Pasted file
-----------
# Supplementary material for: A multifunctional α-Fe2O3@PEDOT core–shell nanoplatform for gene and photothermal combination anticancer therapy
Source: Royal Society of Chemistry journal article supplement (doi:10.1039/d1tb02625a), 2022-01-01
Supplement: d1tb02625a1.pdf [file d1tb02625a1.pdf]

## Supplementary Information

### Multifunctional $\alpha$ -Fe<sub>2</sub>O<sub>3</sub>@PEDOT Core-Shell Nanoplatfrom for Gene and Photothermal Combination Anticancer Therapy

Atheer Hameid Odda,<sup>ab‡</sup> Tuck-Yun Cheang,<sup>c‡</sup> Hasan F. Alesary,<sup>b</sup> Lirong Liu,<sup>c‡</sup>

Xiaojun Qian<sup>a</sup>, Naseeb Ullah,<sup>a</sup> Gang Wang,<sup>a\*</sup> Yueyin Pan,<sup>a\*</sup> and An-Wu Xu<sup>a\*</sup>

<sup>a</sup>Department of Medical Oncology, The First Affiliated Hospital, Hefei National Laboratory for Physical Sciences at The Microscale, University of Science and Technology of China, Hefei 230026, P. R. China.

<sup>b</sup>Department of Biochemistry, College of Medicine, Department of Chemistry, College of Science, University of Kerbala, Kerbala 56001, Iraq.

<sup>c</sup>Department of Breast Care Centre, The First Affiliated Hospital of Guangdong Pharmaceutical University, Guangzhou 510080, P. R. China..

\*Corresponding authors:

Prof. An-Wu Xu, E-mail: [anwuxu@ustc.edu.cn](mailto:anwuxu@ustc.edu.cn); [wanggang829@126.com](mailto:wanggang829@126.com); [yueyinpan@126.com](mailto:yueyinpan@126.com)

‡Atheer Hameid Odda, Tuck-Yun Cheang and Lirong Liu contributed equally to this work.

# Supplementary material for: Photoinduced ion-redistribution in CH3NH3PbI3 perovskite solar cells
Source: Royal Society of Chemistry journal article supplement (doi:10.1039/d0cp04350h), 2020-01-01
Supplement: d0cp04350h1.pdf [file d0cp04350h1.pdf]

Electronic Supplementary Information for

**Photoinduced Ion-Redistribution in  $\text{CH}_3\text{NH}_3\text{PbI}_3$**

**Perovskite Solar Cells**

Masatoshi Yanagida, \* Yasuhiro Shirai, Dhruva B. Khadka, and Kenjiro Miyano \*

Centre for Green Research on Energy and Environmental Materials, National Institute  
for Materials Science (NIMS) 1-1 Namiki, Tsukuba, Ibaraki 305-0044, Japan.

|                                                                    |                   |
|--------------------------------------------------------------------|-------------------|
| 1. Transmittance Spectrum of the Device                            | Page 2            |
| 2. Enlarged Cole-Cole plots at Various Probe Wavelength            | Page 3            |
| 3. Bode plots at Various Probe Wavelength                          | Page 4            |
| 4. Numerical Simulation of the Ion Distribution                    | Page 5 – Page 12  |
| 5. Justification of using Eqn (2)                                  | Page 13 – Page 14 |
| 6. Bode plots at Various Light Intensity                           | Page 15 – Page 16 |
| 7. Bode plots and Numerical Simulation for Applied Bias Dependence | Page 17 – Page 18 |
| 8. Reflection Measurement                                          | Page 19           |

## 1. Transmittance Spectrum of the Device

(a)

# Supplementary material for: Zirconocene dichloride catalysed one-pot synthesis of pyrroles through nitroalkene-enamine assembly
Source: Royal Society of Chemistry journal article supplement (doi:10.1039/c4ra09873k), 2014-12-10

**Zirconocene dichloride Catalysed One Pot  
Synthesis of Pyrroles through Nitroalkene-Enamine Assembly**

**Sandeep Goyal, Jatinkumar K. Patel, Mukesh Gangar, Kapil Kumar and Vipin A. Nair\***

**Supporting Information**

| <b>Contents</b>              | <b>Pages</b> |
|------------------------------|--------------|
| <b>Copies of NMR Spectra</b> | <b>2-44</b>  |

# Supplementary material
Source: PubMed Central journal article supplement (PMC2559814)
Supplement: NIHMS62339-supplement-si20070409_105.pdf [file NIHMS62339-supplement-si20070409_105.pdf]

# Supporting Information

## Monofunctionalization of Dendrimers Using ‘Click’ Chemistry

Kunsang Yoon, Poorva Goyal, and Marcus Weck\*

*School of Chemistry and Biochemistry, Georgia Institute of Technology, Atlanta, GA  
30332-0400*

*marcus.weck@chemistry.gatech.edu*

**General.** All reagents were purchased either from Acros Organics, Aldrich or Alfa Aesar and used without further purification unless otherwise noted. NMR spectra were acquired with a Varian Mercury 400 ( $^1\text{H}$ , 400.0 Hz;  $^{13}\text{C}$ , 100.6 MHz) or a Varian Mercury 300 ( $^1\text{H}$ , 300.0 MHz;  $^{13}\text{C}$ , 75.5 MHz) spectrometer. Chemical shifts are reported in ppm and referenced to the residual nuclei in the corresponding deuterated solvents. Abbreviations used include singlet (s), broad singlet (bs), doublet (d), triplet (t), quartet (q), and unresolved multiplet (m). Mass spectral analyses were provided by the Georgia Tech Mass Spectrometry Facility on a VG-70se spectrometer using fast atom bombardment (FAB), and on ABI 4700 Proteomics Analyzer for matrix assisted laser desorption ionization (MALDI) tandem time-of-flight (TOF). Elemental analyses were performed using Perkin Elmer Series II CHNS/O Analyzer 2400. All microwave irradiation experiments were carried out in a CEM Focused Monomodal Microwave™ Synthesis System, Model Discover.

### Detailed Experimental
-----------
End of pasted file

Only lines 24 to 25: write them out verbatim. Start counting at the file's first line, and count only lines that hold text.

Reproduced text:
|--------------------------------------------------------------------|-------------------|
| 1. Transmittance Spectrum of the Device                            | Page 2            |